OLYMPIA — The fight to emerge as the Republican challenger to Barack Obama turns next to Washington state — a Democratic bastion known not just for majestic mountain ranges and good coffee, but also for independent-minded voters.
This Pacific Northwest state has a non-conformist streak and a rule that any registered voter can participate in the Republican contest, giving libertarian-leaning Texas Rep. Ron Paul hope that he can engineer his first victory of the nomination race. But even though he had a strong showing here four years ago and is investing heavily in the state, Paul faces stiff challenges in Saturday’s statewide caucuses from GOP front-runner Mitt Romney, former Pennsylvania Sen. Rick Santorum and former House Speaker Newt Gingrich.
By Saturday, all four will have visited the state at least once, and some twice.
At first glance, Washington — a state that just legalized gay marriage and has a labor-union, blue-collar history — would seem ill-fitting for Republicans to come courting voters. It’s voted exclusively Democratic in presidential elections since backing Ronald Reagan and has elected only Democratic governors for nearly 30 years. Its governor and two senators all are Democratic women, and most of its House members are Democrats. Yet Republicans have held the secretary of state’s office since the 1960s, illustrating the state’s proclivity for doing its own thing.
“There is a real independent streak that runs through here,” said independent pollster Stuart Elway, noting that while voting patterns lean Democratic, his polling has regularly showed that 45 percent of the population identifies as “independent,” compared to 35 percent who say they’re Democrats and 25 percent who identify as Republicans.
There are a series of factors that explain the wooing by Republican candidates.
The GOP race is now a drawn-out hunt for delegates as well as a contest in which candidates try to build momentum by racking up a series of victories state by state to force opponents from the race. At stake are 40 delegates to the Republican national nominating convention later this summer, a cache second only to Florida’s 50 in contests thus far. Registered voters of all political stripes can participate in the caucuses, but they must sign an affidavit identifying themselves as Republican and promising not to participate in a caucus for another party.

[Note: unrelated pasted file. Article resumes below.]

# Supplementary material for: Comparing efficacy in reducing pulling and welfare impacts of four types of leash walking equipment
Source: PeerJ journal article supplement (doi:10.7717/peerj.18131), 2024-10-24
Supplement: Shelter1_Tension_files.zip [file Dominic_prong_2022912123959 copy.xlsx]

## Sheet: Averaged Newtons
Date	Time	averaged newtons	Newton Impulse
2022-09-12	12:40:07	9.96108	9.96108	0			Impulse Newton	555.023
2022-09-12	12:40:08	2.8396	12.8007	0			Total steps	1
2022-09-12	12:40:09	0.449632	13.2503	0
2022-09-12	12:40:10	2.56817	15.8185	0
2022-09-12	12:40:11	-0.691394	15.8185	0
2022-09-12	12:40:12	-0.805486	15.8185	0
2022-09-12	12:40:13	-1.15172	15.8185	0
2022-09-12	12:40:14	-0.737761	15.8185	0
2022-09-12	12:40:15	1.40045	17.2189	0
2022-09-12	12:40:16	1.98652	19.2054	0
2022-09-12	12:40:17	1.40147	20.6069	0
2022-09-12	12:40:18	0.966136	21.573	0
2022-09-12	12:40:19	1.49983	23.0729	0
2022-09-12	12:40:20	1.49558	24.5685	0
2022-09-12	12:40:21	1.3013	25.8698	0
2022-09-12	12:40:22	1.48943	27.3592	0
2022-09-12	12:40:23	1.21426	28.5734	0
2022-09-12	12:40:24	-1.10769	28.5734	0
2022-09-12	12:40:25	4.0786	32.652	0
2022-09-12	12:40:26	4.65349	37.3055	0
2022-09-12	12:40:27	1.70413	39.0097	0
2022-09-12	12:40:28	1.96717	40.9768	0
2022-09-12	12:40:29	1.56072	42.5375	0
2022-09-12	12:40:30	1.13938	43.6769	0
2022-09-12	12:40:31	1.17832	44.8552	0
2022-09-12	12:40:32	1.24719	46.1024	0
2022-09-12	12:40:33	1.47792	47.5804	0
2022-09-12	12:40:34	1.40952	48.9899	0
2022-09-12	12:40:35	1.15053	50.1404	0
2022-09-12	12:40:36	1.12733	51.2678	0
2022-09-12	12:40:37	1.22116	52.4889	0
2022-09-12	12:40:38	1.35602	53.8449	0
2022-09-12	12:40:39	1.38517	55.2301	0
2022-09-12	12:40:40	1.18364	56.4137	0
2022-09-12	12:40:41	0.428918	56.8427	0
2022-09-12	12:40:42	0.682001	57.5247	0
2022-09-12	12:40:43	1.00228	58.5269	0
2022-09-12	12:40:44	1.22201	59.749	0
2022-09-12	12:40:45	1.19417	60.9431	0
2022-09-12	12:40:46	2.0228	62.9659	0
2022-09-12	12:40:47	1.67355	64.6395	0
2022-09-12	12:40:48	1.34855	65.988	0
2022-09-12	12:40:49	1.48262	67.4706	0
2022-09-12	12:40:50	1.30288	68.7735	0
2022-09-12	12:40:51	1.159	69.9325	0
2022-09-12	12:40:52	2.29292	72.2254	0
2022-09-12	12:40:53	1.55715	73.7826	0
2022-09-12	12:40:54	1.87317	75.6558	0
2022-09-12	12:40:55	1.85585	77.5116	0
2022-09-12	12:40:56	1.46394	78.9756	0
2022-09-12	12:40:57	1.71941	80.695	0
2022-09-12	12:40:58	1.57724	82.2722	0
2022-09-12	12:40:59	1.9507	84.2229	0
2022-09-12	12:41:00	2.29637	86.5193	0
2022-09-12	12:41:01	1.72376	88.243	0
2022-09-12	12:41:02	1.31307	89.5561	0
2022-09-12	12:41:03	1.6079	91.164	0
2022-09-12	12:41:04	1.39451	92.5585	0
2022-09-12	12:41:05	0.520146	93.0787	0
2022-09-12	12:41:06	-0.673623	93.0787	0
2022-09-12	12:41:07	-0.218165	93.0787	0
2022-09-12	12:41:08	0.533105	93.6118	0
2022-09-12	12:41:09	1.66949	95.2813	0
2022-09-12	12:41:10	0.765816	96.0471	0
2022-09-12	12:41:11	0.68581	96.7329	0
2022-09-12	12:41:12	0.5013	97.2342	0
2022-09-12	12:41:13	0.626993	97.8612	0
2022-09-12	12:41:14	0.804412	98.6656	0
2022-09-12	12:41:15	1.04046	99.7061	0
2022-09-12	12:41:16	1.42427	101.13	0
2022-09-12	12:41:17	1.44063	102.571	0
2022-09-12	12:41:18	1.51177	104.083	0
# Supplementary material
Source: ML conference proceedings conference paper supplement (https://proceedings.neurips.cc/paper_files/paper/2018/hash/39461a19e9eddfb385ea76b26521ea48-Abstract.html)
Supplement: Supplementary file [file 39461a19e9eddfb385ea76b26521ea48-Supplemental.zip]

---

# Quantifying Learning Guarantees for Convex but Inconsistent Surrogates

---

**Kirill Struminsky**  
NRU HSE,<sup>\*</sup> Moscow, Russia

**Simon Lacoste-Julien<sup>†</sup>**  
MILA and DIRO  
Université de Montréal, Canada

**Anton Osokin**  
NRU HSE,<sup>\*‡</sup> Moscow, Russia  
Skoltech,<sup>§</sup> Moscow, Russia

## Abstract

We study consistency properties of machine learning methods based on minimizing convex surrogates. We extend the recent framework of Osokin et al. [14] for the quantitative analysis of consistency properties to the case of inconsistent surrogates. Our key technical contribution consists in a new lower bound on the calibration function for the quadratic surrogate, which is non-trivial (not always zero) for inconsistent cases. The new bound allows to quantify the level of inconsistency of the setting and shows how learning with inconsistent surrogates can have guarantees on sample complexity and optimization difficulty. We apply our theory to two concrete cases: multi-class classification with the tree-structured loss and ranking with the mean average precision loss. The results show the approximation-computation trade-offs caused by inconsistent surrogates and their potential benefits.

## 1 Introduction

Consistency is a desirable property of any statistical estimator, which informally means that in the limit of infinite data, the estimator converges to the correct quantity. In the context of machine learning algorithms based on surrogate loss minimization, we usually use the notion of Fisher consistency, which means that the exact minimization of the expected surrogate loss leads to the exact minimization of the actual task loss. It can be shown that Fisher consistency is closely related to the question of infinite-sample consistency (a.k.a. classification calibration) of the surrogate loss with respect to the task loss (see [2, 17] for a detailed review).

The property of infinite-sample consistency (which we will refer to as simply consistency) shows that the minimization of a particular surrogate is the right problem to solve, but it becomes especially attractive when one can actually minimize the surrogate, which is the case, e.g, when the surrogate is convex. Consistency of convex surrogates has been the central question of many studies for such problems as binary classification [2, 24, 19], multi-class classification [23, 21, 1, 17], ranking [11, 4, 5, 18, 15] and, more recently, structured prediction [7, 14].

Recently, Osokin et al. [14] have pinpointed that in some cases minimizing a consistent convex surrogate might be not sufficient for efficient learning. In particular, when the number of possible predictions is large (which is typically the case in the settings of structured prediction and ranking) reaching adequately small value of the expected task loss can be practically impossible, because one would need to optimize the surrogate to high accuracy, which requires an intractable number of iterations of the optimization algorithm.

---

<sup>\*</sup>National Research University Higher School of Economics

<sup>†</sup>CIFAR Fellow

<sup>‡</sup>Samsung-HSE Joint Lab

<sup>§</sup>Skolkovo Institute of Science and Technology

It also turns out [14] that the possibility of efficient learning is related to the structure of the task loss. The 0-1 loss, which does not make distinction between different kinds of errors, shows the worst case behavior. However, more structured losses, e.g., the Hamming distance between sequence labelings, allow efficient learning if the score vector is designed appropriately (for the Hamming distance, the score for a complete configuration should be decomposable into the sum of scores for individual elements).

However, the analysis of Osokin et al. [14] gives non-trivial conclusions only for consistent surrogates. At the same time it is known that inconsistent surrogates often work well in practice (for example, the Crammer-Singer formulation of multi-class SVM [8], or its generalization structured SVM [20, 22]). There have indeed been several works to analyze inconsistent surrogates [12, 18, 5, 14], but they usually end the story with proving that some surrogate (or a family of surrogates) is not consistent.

There’s also another possible explanation for the candidates competing for caucuses in which only about 50,000 people are expected attend, according to one Republican official’s estimate.
“It’s a psychological boost going into Super Tuesday if one candidate dominates or stands out,” state GOP chairman Kirby Wilbur said. That may be particularly true in a contest as volatile as this, with Romney, Santorum and Gingrich all having won previous contests.
Washington’s contest is the last before 10 states vote Tuesday, offering a total of 419 delegates. (Wyoming Republicans also will hold county conventions from Tuesday through March 10, with 12 delegates to the party’s national convention up for grabs.)
So it’s little wonder, then, why Paul, desperate for his first win, started running a TV ad in the state attacking his opponents and plans to return to hold a rally Friday night in Seattle. Paul is the only candidate on the air, having spent roughly $40,000 to run ads on cable channels in the state. A pro-Gingrich super PAC has spent only a fraction of that.
Santorum, who visited the state in February, was back Thursday for rallies in the more conservative eastern region, while Romney, who has been working to build support from establishment Republicans here and rolled out dozens of local endorsements, planned to hit a fundraiser in Washington state the same day.
Their visits come on the heels of one by Gingrich last week.
Four years ago, Republican John McCain won the GOP caucuses, but just barely. He got 25 percent of the vote, just ahead of Mike Huckabee’s 23 percent and Paul’s 21.5 percent. In the primary that was conducted a few weeks later and reached significantly more Republican voters, McCain had nearly 50 percent of the vote, compared to Huckabee’s 24 percent, and Paul’s 8 percent.
This is the first year since 2004 that Republicans won’t hold a presidential preferential primary in addition to the caucuses. The primary was cancelled this year for budgetary reasons, as was the one in 2004.
Until 1992, the state relied solely on caucuses. But after 1988, when backers of television evangelist Pat Robertson swamped the meetings and ultimately took the nation’s largest Robertson delegation to the GOP convention in New Orleans, the Legislature quickly moved to create a presidential primary.
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